Through her new contacts, Olutunfese landed a job working in research and product development for Fruition, a company that supplies fruit fillings to Tim Hortons and other companies.
She is still involved with WIFM (she recently wrote an article on food allergies for members) and says volunteering opened doors that wouldn’t have otherwise. “Volunteering gives an opportunity for people to know about you and then they become willing to go out on a limb for you.”
The key to success for individuals, companies and organizations is to shift their thinking from “me” to “we” says Messer.
She was invited to speak to a law firm in Toronto that raises $800,000 per year for the United Way about how to make their canvassing more successful. Instead of leaving a pledge form on people’s desks, Messer suggested canvassers get to know a bit about their intended donors.
“For instance, in one cubicle was a photo of a girl and a dog. I’d leave a dog biscuit with the form,” she says. “Another cubicle had a photo of a girl in a ballet costume. I found out that another employee could get tickets to the ballet and suggested they give them to that person. Making people feel important doesn’t cost anything.”
She is a board member of United Way of Oakville, which is facing fundraising challenges, like many non-profit organizations these days.
Messer organized a Leads, Needs and Good Deeds networking workshop that brought together 150 of her contacts (including individuals and representatives from businesses and associations) to exchange leads, offer help to others and share good deeds.
Attendees brought items or services to raffle and, in return, made several new connections. All proceeds went to United Way of Oakville.
“The most important thing is that people forgot how good it feels to give back. They are so used to dipping into their pockets,” says Messer. “People want it to come from within, not just from their pocketbooks.”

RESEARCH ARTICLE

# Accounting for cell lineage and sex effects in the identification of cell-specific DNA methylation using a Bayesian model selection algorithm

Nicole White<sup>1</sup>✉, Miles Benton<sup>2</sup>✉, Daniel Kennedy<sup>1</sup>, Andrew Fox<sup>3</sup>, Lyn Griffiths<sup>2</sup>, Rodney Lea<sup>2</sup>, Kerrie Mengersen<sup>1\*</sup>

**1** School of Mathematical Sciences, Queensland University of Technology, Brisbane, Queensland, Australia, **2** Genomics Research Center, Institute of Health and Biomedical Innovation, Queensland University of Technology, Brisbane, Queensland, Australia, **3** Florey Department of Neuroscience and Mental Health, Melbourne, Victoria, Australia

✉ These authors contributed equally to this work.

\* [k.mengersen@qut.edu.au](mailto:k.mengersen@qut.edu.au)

Lee Koren, who attended the event, met Messer after she was downsized from her Toronto recruiting job.
“I had networks of people I knew and businesses I worked with, but Donna really opened my eyes about networking. Networking’s not just the people you know, but people you don’t know. It’s not ‘what can you do for me’, but ‘what can I do for you’.”
Koren started volunteering her time to help people in transition, using her knowledge about what hiring managers are usually looking for.
At the same time, she started her own recruiting company, Selection Strategy, and has started writing blogs for others (she also works part-time as a recruiter for Ian Martin Recruitment Services).
“I am not only helping so many people, I am helping myself as well,” Koren says. “I keep networking and making connections. It takes years of connections to build your business.”
Messer says transitions between jobs can be scary but they also offer huge opportunities to learn new things and get involved. “It’s important to think laterally, and always think in terms of we, not me.